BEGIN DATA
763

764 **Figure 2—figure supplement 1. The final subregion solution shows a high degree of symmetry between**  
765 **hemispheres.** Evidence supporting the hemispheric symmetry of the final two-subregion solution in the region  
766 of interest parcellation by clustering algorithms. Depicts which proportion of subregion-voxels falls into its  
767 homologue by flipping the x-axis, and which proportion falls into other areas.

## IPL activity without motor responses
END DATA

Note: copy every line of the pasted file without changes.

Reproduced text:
763

764 **Figure 2—figure supplement 1. The final subregion solution shows a high degree of symmetry between**  
765 **hemispheres.** Evidence supporting the hemispheric symmetry of the final two-subregion solution in the region  
766 of interest parcellation by clustering algorithms. Depicts which proportion of subregion-voxels falls into its  
767 homologue by flipping the x-axis, and which proportion falls into other areas.

## IPL activity without motor responses